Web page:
TLDR: Find two more heroes and have them find two more heroes. Then have those people find two more heroes. Then have them find two more… You get it.
(That’s basically the gist of this post, so you can leave now if you’re busy. I won’t be offended.)
You’re still here? Ok cool. Let’s imagine a scenario. You’ve discovered a revolutionary new technology that could transform your business. So what do you do next?
Most of us (myself included [until recently]) imagine the following:
- Create a detailed presentation or memo about the technology, its potential uses, and the impact it could have for the company. (Bonus points if your name is nice and big on the cover slide.)
- Create functional demos or proofs-of-concept that show some potential uses of the technology. (Bonus points if the POC is in a repo or branch with your name on it, or in a system that you control.)
- Draft a press release (either digitally or mentally) announcing the company’s novel application of the technology and with some smart pithy quotes from yourself, the hero, who helped spearhead this new and valuable initiative, and how lucky the company is to have someone as bright and innovative as yourself.
- Browse the Design Within Reach website to imagine some slick furniture for your new corner office.
If that wasn’t clear enough, let me hit you over the head with it: Along with innovative technologies comes the allure of personal power and success. New tech is no different than Frodo’s ring, and we should resist the temptation to hoard it for personal gain. We all know where that leads.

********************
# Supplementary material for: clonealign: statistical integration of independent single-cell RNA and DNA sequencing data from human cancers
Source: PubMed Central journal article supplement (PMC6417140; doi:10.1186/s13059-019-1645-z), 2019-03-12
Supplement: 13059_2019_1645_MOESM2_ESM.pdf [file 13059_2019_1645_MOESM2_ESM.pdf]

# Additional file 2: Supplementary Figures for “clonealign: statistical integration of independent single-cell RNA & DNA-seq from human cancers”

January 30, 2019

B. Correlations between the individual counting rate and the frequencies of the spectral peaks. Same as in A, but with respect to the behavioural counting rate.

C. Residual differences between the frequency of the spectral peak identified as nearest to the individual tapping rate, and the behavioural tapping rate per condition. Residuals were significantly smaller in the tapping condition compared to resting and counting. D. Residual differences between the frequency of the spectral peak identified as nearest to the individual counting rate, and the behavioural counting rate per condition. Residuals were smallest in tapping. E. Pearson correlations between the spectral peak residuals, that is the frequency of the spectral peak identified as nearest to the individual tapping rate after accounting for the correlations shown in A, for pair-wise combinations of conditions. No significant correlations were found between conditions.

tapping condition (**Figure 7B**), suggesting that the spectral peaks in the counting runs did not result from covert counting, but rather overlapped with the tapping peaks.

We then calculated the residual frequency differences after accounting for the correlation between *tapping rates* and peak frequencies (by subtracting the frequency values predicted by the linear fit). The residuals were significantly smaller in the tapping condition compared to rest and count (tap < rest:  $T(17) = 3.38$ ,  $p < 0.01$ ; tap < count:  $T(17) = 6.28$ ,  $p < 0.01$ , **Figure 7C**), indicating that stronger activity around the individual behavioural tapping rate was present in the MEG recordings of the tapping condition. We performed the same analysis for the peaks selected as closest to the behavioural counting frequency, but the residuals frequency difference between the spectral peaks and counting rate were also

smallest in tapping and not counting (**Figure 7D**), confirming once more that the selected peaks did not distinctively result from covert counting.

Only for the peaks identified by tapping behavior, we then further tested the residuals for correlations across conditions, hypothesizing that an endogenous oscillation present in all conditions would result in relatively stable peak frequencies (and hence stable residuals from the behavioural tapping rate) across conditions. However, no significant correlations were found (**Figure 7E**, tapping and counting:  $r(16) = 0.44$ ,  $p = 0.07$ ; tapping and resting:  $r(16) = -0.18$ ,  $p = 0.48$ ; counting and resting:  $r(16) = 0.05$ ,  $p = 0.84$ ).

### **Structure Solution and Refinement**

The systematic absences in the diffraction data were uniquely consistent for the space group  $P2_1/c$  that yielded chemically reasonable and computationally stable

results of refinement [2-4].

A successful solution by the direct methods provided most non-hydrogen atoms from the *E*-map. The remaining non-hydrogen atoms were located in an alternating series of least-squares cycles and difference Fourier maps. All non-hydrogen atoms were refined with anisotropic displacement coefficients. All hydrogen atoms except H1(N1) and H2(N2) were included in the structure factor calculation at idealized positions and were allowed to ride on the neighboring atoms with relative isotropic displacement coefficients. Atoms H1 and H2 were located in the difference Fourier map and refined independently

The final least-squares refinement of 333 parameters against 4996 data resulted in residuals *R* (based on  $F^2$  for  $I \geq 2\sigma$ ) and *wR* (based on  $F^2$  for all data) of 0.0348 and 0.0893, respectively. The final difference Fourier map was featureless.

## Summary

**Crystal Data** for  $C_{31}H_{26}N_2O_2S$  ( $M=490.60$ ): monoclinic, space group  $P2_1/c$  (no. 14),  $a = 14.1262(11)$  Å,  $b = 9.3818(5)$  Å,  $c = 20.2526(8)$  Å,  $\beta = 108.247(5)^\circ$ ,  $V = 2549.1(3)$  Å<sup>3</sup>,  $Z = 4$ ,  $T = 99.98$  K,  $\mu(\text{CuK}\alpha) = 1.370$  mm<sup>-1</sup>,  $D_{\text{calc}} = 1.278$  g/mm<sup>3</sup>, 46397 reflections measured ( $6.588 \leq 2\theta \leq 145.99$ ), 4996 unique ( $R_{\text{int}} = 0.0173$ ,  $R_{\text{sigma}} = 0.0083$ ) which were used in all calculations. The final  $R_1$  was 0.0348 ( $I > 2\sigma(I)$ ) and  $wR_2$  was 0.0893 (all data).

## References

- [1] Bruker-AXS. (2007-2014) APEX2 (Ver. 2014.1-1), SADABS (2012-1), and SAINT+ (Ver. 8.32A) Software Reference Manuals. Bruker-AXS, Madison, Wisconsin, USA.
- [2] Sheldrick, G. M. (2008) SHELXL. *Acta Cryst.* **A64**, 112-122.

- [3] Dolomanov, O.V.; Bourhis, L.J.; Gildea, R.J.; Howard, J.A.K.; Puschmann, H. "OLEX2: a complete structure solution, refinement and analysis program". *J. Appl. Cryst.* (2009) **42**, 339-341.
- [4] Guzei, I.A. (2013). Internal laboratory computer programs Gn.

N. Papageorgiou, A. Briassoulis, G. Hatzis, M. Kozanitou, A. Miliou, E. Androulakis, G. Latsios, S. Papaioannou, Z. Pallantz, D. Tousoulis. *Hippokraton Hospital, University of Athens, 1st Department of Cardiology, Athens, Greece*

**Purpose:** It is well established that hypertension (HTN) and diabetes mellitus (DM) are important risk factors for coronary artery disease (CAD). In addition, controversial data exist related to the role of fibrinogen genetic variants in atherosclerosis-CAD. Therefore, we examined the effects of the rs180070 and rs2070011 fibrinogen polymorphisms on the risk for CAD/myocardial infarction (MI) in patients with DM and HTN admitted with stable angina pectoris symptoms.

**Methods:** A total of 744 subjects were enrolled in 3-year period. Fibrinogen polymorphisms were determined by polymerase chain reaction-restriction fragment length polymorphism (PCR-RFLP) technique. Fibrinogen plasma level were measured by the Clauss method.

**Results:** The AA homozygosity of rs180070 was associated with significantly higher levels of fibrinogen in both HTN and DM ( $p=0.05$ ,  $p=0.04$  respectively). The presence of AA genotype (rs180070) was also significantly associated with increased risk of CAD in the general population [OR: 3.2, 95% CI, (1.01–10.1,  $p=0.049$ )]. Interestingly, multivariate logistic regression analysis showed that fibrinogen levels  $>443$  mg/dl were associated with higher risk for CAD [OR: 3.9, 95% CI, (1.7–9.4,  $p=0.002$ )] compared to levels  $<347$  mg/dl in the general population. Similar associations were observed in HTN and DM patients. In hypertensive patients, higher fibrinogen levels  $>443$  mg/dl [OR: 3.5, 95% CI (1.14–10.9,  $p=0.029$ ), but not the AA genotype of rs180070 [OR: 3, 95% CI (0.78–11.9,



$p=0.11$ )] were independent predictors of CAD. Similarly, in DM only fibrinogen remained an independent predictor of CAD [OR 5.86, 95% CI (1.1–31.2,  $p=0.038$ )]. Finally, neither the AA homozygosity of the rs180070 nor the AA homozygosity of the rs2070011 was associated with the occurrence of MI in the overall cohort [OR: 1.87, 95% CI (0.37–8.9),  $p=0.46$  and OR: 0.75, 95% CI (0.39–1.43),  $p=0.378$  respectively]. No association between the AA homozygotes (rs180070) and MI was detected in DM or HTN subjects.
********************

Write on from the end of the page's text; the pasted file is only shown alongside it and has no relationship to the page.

But anyone that’s read a business book knows that it’s a team sport, and you should value the success of the company over your own individual aspirations.
So that’s why to maximize the potential of a new technology you need to get it in the hands of as many people as possible. Some guidelines:
- Default to open: Larger public conversations provide more value than smaller private ones. If you find yourself hoarding information or expertise, find ways to get it into the hands of others so you’re not the bottleneck.
- Look around: Find people in your organization (whether they’re below you, above you, or parallel to you) who can benefit from this new technology and get it into their hands today. Resist the urge to build something yourself if there’s someone else who can be equally inspired and build it themselves. They will, in turn, inspire others who will keep the momentum going.
- Find the fear: New technologies often come with fear of the unknown, which manifests in swirling conversations around job replacement and the downfall of society. Find the fear and address it with clear examples of what the technology can (and can’t!) do, and your company’s unique (and hopefully humane!) approach to leveraging the technology. And remind folks that technology doesn’t replace jobs; people that use technology replace jobs from people who don’t.
Speaking of fear, I went down a bit of a rabbithole around fear and technology and want to share some thoughts. (Unless you want to leave, which is cool too. Seriously, nobody’s keeping you here.)
Is “Digital Transformation” Cringe?
The term “digital transformation” makes me cringe a little bit, and I wanted to understand why. I mean, shouldn’t the idea of “digital transformation” sound exciting and inspiring to a nerd like me?
Let’s dive a little deeper.
It looks like the term started to get popular around 2016. But why? Let’s ask our trusty frenemy GPT-3:
Why did "digital transformation" get more popular around 2016 according to google trends?